How do we save for retirement? Are we rational actors, putting aside precisely the amount we need to live comfortable lives in our later years? Or do we act irrationally, even irresponsibly, failing to account for our future needs by not saving enough in the present?
These are the questions that occupy the mind of economist Richard Thaler, a professor at the University of Chicago’s Booth School of Business. For decades now, Thaler has dedicated himself to understanding the decisions behind everyday actions. His work, and the contributions of other behavioral economists, has influenced everything from which foods are offered to children in school lunch lines, to how highways are designed, to how we make critical decisions about our hard-earned money.
Thaler outlines his thinking on the subject in his 2008 book Nudge: Improving Decision About Health, Wealth, and Happiness. Authored with his University of Chicago colleague Cass Sunstein (who now serves as President Obama’s administrator of the Office of Information and Regulatory Affairs), Thaler show us how the public and private sectors can “nudge” people into better decision making.
For his contributions to the field of retirement planning, Thaler will be honored at the 2011 Retirement Income Industry Association fall meeting in Boston. Research magazine will present Thaler with the 2011 Award for Achievement in Applied Retirement Research, recognizing his outstanding contributions to the field.
“Of course it is pleasing to be honored by an industry that I have spent some many years trying to ‘nudge,’” Thaler said in an e-mail interview. “I am glad they have taken to the lessons of behavioral economics.”
Behavorial economics is a field that occupies a place between economics and psychology. Economists of this ilk want to understand the way the world really works, not the way it should work.
In Nudge, Thaler rests his ideas about economic decision making on four main pillars. The first is understanding the difference between “Econs” and “Humans.” “Econs” are the fictional creation of the rational school of economics, people who should theoretically make good decisions most of the time for the right reasons. In fact, the University of Chicago — and specifically economist Milton Friedman — is the epicenter of this movement. While Thaler does not totally reject the rationalist school, he insists that people do not make perfect decisions. In fact, we all make “human” decisions, full of foibles and miscalculations and outright mistakes. Therefore, he argues, we need the public and private sectors to “nudge” us in the right direction to arrive at outcomes that benefit us individually and collectively.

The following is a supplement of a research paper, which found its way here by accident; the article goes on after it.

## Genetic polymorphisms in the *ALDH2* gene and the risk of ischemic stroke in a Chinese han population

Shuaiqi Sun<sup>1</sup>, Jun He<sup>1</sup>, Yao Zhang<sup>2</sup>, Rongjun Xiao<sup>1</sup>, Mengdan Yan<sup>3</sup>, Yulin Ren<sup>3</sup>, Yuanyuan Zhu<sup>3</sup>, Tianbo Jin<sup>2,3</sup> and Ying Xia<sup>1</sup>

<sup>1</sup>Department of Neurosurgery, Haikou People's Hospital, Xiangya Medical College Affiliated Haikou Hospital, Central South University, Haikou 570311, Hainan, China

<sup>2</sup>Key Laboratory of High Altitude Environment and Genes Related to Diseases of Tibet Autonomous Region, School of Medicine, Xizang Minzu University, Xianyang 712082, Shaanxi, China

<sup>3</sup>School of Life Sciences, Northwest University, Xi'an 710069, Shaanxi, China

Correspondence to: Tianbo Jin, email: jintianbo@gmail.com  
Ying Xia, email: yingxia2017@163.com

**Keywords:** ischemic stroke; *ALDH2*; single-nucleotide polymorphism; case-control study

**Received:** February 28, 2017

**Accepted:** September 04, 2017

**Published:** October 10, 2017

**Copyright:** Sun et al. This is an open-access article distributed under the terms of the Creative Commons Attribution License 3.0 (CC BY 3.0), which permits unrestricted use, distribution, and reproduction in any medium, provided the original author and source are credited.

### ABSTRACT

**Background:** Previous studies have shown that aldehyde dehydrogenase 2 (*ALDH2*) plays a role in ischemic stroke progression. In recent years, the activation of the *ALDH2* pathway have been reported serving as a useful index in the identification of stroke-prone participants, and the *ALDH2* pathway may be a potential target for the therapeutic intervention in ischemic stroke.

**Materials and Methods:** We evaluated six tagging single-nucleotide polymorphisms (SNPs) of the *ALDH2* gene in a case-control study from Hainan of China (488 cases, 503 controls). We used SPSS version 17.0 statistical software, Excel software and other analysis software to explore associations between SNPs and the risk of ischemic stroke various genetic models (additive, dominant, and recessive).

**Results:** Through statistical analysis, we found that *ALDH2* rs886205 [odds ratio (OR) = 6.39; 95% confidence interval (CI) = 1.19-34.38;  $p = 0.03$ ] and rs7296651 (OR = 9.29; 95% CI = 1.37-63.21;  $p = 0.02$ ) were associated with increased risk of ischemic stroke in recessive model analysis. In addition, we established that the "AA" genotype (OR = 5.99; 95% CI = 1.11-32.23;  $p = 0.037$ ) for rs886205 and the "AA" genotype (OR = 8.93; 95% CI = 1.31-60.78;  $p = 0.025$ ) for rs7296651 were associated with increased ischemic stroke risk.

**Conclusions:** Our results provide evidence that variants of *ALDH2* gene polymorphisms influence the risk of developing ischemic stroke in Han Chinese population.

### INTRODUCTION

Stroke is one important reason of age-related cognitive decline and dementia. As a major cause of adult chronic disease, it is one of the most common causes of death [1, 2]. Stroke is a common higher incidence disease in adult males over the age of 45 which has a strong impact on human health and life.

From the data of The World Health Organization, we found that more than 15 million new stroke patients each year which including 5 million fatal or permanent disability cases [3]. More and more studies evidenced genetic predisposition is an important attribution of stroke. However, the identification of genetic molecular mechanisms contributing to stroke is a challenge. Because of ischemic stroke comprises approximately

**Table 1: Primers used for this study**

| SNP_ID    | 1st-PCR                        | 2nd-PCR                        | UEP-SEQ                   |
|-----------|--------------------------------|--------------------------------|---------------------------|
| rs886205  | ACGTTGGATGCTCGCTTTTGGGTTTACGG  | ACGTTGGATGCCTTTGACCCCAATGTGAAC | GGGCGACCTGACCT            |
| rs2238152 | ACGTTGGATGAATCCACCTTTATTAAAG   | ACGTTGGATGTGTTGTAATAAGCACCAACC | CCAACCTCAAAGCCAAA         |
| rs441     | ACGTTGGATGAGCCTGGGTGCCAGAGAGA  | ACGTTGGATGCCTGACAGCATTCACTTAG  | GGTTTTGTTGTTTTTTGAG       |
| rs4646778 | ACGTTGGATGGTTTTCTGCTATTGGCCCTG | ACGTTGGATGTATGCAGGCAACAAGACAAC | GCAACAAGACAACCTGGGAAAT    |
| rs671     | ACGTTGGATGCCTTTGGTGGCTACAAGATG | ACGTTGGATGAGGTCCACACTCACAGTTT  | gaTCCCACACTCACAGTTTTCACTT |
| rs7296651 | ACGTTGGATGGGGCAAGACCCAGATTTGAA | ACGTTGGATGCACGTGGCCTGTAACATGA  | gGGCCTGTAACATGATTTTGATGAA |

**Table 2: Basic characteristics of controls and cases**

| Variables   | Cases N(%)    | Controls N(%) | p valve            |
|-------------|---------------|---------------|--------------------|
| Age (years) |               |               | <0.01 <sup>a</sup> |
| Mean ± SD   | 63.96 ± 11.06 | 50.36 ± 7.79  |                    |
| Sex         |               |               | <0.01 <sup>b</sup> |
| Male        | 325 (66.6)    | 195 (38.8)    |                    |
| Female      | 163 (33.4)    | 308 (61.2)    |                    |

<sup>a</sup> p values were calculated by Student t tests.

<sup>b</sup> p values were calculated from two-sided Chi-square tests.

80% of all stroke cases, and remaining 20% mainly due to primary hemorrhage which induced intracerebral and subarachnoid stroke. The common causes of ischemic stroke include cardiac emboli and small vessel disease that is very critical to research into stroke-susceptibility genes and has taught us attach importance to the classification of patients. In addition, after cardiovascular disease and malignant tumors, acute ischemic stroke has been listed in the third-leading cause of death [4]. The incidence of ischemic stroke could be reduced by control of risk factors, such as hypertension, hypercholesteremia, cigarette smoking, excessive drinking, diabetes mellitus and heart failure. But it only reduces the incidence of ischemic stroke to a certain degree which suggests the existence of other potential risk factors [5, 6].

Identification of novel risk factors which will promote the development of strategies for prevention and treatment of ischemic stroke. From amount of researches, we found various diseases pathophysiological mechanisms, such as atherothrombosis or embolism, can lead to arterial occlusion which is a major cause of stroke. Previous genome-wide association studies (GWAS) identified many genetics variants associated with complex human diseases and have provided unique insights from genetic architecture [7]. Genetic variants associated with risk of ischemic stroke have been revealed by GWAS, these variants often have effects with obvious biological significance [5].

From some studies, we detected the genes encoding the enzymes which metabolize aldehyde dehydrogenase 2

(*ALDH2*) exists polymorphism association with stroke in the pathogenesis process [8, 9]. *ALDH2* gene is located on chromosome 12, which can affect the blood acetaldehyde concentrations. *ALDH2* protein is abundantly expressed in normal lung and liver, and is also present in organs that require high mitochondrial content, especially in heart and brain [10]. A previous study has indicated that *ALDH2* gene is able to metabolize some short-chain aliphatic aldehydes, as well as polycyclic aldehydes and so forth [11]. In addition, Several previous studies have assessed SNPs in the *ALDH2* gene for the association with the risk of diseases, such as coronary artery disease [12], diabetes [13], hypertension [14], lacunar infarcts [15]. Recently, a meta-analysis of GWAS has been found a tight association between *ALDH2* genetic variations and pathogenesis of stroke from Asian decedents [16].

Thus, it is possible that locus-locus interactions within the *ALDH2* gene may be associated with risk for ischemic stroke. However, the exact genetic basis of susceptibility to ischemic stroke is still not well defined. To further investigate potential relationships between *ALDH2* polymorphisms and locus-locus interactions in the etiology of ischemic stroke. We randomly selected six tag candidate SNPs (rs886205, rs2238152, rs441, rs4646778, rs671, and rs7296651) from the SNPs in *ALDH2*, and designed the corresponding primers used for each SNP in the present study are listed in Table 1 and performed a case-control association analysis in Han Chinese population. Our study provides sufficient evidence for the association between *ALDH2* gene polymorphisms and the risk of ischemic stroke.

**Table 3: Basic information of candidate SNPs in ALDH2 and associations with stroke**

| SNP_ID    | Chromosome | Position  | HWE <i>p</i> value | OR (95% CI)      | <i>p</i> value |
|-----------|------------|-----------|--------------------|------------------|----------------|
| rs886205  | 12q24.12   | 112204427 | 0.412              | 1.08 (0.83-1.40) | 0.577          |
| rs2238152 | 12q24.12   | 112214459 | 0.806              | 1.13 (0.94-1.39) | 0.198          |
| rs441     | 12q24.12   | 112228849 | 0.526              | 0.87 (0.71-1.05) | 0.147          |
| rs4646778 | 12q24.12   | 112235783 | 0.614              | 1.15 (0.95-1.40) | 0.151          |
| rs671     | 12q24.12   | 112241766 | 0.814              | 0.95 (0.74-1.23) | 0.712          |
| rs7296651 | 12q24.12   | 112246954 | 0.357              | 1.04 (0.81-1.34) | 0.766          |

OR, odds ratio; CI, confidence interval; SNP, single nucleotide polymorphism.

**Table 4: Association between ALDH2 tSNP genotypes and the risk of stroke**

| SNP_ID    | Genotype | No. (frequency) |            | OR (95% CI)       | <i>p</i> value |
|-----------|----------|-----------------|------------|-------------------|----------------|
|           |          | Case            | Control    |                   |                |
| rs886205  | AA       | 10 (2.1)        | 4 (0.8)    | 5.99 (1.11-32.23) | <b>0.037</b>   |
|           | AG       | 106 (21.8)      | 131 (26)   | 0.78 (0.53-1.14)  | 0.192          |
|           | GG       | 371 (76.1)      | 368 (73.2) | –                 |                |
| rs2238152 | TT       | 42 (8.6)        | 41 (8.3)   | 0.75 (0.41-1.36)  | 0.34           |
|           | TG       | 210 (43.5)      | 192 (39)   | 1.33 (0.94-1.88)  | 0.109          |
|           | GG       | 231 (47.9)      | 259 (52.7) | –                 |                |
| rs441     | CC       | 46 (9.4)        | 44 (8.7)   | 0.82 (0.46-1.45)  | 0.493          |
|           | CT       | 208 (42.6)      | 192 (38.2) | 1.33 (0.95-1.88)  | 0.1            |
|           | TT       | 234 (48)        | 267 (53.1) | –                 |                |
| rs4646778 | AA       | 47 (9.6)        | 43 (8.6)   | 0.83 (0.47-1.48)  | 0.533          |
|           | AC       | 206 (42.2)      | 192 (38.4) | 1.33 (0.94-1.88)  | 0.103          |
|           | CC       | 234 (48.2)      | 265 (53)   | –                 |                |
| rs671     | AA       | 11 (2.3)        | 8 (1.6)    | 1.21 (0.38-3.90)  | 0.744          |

To do so, he writes, we need skilled “choice architects,” people who design systems that help us arrive at beneficial outcomes. For instance, on a very small scale, I am acting as a choice architect as the writer of this article. I am deciding which information to include and which to exclude to best provide readers with the information they need to appreciate Richard Thaler’s contributions to the field of retirement research.
So, according to Thaler, “Humans” need “nudges” designed by “choice architects” to make good decisions. He calls this system of policy making “libertarian paternalism.” “Libertarian” because people deserve and expect choices to suit their particular circumstances and “paternalistic” because, try as we might to make perfect decisions ourselves, the presence of a guiding hand often helps.
This is nowhere truer than in the realm of retirement savings. Starting as far back as 1996, Thaler began outlining his ideas on the subject in a number of academic papers that sought to shift the ground in retirement planning. Ultimately, his work influenced the Pension Protection Act of 2006, a bill signed into law by President George W. Bush that offers employers an incentive to automatically enroll employees in a retirement plan and automatically increase their contributions over time.
Thaler’s thinking on the subject begins with a simple premise: Americans don’t save enough. From 1950 to 1980, for instance, Americans saved an average of 8 to 10 percent per year. However, even in those good times, savings didn’t come in the form of cash. Rather, people put their money in pensions, cash-value life insurance and mortgage payments to pare down debt. By 2005, for the first time since 1932-33, the savings rate in the United States was negative. Easy access to credit cards and loans didn’t help matters. In addition, 401(k) plans, unlike old-fashioned pensions, required employees both to sign up and make intelligent choices about how to invest their money.
Into this mess, Thaler arrives with two central recommendations: automatic savings plans and a scheme named the Save More Tomorrow program.